If you’re just joining us, this series looks at the unranked teams in the ACC as either contenders or pretenders heading into the 2013 season. Florida State and Clemson are not included because they are the only two teams from the ACC expected to be ranked this preseason. Those rankings automatically qualify them as contenders.
Let's move on to the Coastal Division, which is completely wide open headed into 2013. Expect there to be many more contenders out of this division. Let's start with North Carolina, which had the best overall record in the Coastal last season at 8-4. Can the Tar Heels contend now that they are eligible for the postseason?
Why they're a contender: North Carolina returns one of the top passers in the league in Bryn Renner, who threw for 3,356 yards, 28 touchdowns and seven interceptions a year ago. He has some talent to throw to, from Sean Tapley to Eric Ebron to T.J. Thorpe to Quinshad Davis, who emerged in the second half of the season. A.J. Blue and Romar Morris should help ease the loss of Giovani Bernard. And James Hurst returns as one of the best tackles in the nation to help mitigate the loss of Jonathan Cooper. The Tar Heels were one of the most explosive offenses in the ACC last year, ranking just behind Clemson. With Renner back and another year in the Larry Fedora hurry-up spread system, the hope is that this team will be even better on offense despite losing some of its best players.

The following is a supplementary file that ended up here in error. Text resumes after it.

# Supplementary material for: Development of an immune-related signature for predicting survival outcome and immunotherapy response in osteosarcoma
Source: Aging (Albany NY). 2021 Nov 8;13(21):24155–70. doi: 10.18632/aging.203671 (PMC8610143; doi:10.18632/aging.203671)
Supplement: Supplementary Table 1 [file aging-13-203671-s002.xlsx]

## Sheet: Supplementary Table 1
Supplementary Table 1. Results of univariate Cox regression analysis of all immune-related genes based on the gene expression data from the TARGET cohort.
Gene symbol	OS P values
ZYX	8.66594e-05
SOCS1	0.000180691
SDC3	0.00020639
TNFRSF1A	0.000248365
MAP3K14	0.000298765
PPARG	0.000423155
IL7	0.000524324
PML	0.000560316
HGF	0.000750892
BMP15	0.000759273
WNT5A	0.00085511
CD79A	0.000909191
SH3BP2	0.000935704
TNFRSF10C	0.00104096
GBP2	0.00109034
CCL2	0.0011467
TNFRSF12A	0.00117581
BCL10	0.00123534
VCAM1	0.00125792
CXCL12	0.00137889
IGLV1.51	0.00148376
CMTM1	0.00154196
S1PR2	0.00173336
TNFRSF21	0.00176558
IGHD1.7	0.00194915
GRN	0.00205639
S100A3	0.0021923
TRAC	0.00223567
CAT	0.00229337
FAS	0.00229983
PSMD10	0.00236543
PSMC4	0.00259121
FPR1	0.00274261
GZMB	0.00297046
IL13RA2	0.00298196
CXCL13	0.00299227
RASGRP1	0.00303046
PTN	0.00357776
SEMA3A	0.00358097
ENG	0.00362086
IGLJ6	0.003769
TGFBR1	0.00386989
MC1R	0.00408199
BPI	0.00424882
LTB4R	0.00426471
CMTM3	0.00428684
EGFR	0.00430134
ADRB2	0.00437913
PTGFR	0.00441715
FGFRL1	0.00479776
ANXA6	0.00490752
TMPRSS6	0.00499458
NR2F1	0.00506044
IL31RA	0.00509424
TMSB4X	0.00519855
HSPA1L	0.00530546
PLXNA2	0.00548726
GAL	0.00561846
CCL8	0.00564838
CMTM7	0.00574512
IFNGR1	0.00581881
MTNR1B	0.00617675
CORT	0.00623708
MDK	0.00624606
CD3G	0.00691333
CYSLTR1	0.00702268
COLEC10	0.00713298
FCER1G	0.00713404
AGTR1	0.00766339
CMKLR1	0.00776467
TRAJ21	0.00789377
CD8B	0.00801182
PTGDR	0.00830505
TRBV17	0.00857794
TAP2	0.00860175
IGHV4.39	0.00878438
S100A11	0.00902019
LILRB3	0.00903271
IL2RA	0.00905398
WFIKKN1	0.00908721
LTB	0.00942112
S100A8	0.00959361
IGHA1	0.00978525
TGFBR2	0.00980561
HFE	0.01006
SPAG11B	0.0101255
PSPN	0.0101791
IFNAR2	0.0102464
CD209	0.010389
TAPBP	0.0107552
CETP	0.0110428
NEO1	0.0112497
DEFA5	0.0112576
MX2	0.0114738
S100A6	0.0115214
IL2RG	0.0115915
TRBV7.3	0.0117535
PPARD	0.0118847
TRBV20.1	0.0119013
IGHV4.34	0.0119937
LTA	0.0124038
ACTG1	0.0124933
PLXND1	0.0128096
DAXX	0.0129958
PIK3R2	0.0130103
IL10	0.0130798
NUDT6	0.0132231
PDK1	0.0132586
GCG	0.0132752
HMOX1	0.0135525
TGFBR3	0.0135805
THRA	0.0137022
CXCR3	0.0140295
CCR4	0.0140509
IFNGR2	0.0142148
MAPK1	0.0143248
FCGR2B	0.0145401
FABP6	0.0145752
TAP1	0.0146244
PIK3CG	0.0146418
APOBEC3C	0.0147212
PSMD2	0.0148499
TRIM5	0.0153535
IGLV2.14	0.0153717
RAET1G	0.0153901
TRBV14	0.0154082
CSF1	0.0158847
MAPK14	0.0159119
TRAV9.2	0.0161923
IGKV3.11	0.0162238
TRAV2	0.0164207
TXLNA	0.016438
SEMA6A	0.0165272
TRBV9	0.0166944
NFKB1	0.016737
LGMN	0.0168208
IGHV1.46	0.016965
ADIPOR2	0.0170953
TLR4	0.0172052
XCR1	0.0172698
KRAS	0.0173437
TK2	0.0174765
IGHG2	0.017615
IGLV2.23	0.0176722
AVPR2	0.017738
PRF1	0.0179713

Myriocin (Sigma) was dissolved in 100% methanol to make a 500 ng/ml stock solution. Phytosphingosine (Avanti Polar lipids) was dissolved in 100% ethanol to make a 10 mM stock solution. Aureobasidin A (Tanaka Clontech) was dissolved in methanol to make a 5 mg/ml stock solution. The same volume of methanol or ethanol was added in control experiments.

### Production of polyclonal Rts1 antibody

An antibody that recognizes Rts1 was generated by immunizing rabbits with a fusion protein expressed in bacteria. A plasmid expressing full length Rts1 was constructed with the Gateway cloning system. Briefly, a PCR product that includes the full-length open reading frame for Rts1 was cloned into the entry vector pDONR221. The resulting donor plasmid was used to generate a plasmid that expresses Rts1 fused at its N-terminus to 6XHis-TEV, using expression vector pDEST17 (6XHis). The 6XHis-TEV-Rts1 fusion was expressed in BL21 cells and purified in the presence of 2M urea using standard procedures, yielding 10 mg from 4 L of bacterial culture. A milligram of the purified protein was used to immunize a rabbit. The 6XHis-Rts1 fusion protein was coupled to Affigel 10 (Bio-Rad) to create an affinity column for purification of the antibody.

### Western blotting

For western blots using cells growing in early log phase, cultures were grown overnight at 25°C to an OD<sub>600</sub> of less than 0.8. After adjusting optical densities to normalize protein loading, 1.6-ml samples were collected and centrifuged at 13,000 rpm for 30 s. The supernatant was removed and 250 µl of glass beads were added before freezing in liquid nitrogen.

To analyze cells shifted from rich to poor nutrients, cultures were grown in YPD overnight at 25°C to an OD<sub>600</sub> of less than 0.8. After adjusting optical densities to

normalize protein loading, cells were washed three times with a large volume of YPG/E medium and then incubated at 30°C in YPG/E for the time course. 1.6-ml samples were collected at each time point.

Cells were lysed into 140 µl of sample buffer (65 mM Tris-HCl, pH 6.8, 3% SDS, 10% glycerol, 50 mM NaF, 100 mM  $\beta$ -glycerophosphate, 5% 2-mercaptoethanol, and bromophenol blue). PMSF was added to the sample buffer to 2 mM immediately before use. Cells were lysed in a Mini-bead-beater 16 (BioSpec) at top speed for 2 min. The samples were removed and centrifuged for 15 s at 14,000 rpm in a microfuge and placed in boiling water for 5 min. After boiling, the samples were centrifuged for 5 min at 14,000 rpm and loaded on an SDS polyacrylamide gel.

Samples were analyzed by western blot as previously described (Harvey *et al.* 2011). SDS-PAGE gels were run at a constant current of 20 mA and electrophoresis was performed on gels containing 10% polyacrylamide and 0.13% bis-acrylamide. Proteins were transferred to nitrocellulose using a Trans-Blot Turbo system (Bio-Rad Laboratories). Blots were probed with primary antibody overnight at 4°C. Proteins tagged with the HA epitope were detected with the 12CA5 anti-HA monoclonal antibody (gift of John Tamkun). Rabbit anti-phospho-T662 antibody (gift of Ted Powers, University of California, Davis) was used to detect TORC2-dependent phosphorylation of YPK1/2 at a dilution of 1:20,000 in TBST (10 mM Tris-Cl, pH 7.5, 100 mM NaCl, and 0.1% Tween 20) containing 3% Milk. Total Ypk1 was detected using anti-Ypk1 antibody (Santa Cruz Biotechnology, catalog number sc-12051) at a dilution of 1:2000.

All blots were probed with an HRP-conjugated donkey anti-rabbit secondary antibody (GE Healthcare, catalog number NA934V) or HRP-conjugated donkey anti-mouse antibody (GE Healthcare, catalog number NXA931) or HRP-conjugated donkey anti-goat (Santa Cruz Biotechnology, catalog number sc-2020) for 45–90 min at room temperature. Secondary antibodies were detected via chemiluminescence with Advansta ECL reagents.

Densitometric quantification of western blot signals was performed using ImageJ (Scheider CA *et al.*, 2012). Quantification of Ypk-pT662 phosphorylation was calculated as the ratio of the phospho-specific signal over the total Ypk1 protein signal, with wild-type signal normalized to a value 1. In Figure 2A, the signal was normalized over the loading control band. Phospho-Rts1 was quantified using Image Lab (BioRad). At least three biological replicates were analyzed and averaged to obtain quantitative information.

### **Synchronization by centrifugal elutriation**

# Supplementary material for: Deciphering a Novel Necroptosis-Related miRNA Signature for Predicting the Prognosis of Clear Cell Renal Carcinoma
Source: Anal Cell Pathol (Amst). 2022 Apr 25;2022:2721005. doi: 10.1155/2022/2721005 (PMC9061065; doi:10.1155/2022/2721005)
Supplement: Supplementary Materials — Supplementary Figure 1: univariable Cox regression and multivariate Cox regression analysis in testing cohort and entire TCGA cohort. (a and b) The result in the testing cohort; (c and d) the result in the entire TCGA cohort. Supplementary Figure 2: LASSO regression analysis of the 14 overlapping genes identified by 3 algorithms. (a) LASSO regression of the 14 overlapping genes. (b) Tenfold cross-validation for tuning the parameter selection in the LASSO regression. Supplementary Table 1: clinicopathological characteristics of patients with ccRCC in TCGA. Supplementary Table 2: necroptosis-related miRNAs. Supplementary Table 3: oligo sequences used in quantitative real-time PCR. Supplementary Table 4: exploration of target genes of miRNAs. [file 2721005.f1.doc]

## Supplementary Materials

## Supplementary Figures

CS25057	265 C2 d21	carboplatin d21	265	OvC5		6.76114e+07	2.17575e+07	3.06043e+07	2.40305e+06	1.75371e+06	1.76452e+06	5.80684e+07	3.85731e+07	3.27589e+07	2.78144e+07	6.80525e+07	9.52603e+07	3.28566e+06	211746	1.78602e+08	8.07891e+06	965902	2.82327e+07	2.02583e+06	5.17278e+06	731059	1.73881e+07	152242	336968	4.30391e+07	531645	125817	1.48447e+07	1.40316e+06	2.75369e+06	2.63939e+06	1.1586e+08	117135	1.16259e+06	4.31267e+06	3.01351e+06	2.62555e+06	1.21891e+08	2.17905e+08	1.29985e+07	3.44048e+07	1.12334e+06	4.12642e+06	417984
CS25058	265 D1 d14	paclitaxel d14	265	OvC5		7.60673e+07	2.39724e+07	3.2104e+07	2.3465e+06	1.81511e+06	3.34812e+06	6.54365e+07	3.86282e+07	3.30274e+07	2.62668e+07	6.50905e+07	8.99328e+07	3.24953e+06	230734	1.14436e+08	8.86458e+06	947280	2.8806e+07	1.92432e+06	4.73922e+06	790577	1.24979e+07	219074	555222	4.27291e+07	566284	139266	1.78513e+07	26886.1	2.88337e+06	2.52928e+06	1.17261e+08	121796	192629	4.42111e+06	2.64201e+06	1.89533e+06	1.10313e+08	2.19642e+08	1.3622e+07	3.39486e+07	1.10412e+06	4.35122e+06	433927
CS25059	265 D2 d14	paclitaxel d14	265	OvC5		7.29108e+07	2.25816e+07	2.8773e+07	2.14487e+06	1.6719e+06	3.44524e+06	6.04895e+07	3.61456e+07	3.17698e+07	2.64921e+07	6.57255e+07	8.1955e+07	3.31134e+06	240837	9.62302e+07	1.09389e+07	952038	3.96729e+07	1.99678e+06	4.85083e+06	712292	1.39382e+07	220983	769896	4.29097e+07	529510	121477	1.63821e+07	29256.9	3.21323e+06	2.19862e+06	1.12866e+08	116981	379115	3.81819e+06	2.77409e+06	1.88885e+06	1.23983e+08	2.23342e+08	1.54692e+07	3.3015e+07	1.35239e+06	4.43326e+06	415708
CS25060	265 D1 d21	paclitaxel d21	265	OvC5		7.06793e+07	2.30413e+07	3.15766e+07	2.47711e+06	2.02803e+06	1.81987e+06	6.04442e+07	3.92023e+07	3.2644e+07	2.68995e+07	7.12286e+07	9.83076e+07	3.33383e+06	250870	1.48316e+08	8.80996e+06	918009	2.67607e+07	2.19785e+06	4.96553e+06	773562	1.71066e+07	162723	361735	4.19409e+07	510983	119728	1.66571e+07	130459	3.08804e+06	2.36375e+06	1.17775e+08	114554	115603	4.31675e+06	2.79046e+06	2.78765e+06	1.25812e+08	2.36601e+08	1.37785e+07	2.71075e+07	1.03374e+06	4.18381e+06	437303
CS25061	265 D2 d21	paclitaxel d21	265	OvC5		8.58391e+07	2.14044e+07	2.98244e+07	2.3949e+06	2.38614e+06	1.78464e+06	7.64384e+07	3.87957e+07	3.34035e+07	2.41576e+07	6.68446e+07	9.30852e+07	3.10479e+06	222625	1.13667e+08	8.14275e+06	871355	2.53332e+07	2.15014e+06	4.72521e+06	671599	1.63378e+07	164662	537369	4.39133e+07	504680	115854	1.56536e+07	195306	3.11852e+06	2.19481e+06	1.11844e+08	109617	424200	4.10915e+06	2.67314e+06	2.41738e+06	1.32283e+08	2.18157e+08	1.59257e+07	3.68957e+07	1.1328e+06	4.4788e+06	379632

Why they're a pretender: As mentioned above, North Carolina has to replace Bernard and Cooper, the two top players on offense from a year ago. Bernard was more than just a running back. He was the best all-purpose player in the ACC, and they are going to have to rely on multiple players to reproduce his production. Can Romar and Blue be as effective? Who replaces Bernard in the return game? Three starters are gone on the offensive line -- two guards and a tackle. Redshirt freshman Caleb Peterson or sophomore Landon Turner are vying to replace Cooper, guys with little playing experience. So the potential for some growing pains exists, which could hamper Renner and the run game. Defensively, North Carolina loses its top two players off an inconsistent group from a year ago, with Sylvester Williams (13.5 tackles for loss) and Kevin Reddick (85 tackles, 18.5 for loss) gone.
Final verdict: Contender. North Carolina has to replace some outstanding All-ACC players. But the Tar Heels do return Renner to lead the offense, which should be more fine-tuned in Year 2 under Fedora. So should the defense, which showed flashes at times but should have a much better understanding of what is expected in this scheme. Even with Bernard and Cooper gone, it is tough to count out a team with a senior quarterback capable of throwing for 3,500 yards in an offense designed to rack up yards and points.
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